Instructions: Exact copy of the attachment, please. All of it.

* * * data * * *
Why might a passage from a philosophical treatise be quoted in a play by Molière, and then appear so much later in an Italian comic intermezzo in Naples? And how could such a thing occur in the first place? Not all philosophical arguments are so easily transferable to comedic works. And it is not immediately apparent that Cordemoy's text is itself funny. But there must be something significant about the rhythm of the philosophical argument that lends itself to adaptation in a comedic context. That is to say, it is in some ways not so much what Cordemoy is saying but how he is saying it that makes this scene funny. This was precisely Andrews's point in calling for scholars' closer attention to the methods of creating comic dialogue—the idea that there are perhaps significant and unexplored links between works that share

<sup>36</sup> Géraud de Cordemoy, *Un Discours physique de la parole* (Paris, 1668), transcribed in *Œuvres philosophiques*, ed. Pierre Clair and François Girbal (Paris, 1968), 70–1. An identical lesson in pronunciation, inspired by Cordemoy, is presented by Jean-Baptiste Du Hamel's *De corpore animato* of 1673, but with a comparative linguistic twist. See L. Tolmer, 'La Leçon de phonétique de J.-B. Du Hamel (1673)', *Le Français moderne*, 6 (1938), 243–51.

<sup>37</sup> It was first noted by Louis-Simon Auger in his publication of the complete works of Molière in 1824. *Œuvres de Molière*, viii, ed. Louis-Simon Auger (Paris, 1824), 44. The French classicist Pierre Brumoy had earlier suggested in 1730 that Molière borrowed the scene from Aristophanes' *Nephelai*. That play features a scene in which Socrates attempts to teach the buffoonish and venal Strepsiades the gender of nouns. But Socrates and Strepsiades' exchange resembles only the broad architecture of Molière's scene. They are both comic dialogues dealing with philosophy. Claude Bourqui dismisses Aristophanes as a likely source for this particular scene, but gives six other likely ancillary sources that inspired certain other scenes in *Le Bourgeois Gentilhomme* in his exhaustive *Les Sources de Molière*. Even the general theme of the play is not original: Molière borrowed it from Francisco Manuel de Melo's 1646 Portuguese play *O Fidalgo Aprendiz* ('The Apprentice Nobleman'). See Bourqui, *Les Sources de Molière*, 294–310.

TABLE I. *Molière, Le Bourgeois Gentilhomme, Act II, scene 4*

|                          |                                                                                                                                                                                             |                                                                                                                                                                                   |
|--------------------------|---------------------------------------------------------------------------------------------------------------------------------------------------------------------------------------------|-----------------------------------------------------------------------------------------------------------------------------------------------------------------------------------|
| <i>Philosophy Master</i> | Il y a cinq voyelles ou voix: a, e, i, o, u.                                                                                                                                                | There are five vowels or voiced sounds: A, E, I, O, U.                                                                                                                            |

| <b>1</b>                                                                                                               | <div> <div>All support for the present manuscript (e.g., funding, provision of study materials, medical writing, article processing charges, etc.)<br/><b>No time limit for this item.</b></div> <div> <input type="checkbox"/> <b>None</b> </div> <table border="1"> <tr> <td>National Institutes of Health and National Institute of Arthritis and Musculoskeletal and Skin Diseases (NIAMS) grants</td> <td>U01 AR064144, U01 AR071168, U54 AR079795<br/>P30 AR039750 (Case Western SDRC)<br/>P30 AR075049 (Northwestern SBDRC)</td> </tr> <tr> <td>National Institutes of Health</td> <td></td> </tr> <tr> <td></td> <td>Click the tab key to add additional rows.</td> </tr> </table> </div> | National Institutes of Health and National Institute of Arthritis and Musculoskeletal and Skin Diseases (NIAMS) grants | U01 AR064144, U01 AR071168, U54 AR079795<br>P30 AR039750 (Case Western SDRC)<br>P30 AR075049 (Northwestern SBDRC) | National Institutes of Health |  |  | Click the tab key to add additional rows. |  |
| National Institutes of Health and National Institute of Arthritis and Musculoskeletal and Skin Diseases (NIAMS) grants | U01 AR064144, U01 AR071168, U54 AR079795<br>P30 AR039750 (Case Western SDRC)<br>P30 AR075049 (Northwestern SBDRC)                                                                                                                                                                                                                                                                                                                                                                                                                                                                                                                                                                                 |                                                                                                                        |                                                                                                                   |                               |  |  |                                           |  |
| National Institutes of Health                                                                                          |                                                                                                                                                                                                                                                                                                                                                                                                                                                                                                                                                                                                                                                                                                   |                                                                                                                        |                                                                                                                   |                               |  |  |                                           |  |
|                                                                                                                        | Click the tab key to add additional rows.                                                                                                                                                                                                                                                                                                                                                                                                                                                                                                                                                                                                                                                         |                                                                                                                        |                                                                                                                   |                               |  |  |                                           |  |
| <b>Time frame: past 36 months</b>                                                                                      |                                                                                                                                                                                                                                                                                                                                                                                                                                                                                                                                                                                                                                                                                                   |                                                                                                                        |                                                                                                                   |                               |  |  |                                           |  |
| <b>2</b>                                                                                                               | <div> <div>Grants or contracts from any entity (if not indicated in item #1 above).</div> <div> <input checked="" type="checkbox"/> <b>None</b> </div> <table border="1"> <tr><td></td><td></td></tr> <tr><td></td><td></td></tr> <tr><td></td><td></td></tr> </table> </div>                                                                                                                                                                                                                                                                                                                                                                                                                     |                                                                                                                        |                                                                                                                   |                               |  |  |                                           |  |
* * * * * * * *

Why might a passage from a philosophical treatise be quoted in a play by Molière, and then appear so much later in an Italian comic intermezzo in Naples? And how could such a thing occur in the first place? Not all philosophical arguments are so easily transferable to comedic works. And it is not immediately apparent that Cordemoy's text is itself funny. But there must be something significant about the rhythm of the philosophical argument that lends itself to adaptation in a comedic context. That is to say, it is in some ways not so much what Cordemoy is saying but how he is saying it that makes this scene funny. This was precisely Andrews's point in calling for scholars' closer attention to the methods of creating comic dialogue—the idea that there are perhaps significant and unexplored links between works that share

<sup>36</sup> Géraud de Cordemoy, *Un Discours physique de la parole* (Paris, 1668), transcribed in *Œuvres philosophiques*, ed. Pierre Clair and François Girbal (Paris, 1968), 70–1. An identical lesson in pronunciation, inspired by Cordemoy, is presented by Jean-Baptiste Du Hamel's *De corpore animato* of 1673, but with a comparative linguistic twist. See L. Tolmer, 'La Leçon de phonétique de J.-B. Du Hamel (1673)', *Le Français moderne*, 6 (1938), 243–51.

<sup>37</sup> It was first noted by Louis-Simon Auger in his publication of the complete works of Molière in 1824. *Œuvres de Molière*, viii, ed. Louis-Simon Auger (Paris, 1824), 44. The French classicist Pierre Brumoy had earlier suggested in 1730 that Molière borrowed the scene from Aristophanes' *Nephelai*. That play features a scene in which Socrates attempts to teach the buffoonish and venal Strepsiades the gender of nouns. But Socrates and Strepsiades' exchange resembles only the broad architecture of Molière's scene. They are both comic dialogues dealing with philosophy. Claude Bourqui dismisses Aristophanes as a likely source for this particular scene, but gives six other likely ancillary sources that inspired certain other scenes in *Le Bourgeois Gentilhomme* in his exhaustive *Les Sources de Molière*. Even the general theme of the play is not original: Molière borrowed it from Francisco Manuel de Melo's 1646 Portuguese play *O Fidalgo Aprendiz* ('The Apprentice Nobleman'). See Bourqui, *Les Sources de Molière*, 294–310.

TABLE I. *Molière, Le Bourgeois Gentilhomme, Act II, scene 4*

|                          |                                                                                                                                                                                             |                                                                                                                                                                                   |
|--------------------------|---------------------------------------------------------------------------------------------------------------------------------------------------------------------------------------------|-----------------------------------------------------------------------------------------------------------------------------------------------------------------------------------|
| <i>Philosophy Master</i> | Il y a cinq voyelles ou voix: a, e, i, o, u.                                                                                                                                                | There are five vowels or voiced sounds: A, E, I, O, U.                                                                                                                            |

| <b>1</b>                                                                                                               | <div> <div>All support for the present manuscript (e.g., funding, provision of study materials, medical writing, article processing charges, etc.)<br/><b>No time limit for this item.</b></div> <div> <input type="checkbox"/> <b>None</b> </div> <table border="1"> <tr> <td>National Institutes of Health and National Institute of Arthritis and Musculoskeletal and Skin Diseases (NIAMS) grants</td> <td>U01 AR064144, U01 AR071168, U54 AR079795<br/>P30 AR039750 (Case Western SDRC)<br/>P30 AR075049 (Northwestern SBDRC)</td> </tr> <tr> <td>National Institutes of Health</td> <td></td> </tr> <tr> <td></td> <td>Click the tab key to add additional rows.</td> </tr> </table> </div> | National Institutes of Health and National Institute of Arthritis and Musculoskeletal and Skin Diseases (NIAMS) grants | U01 AR064144, U01 AR071168, U54 AR079795<br>P30 AR039750 (Case Western SDRC)<br>P30 AR075049 (Northwestern SBDRC) | National Institutes of Health |  |  | Click the tab key to add additional rows. |  |
| National Institutes of Health and National Institute of Arthritis and Musculoskeletal and Skin Diseases (NIAMS) grants | U01 AR064144, U01 AR071168, U54 AR079795<br>P30 AR039750 (Case Western SDRC)<br>P30 AR075049 (Northwestern SBDRC)                                                                                                                                                                                                                                                                                                                                                                                                                                                                                                                                                                                 |                                                                                                                        |                                                                                                                   |                               |  |  |                                           |  |
| National Institutes of Health                                                                                          |                                                                                                                                                                                                                                                                                                                                                                                                                                                                                                                                                                                                                                                                                                   |                                                                                                                        |                                                                                                                   |                               |  |  |                                           |  |
|                                                                                                                        | Click the tab key to add additional rows.                                                                                                                                                                                                                                                                                                                                                                                                                                                                                                                                                                                                                                                         |                                                                                                                        |                                                                                                                   |                               |  |  |                                           |  |
| <b>Time frame: past 36 months</b>                                                                                      |                                                                                                                                                                                                                                                                                                                                                                                                                                                                                                                                                                                                                                                                                                   |                                                                                                                        |                                                                                                                   |                               |  |  |                                           |  |
| <b>2</b>                                                                                                               | <div> <div>Grants or contracts from any entity (if not indicated in item #1 above).</div> <div> <input checked="" type="checkbox"/> <b>None</b> </div> <table border="1"> <tr><td></td><td></td></tr> <tr><td></td><td></td></tr> <tr><td></td><td></td></tr> </table> </div>                                                                                                                                                                                                                                                                                                                                                                                                                     |                                                                                                                        |                                                                                                                   |                               |  |  |                                           |  |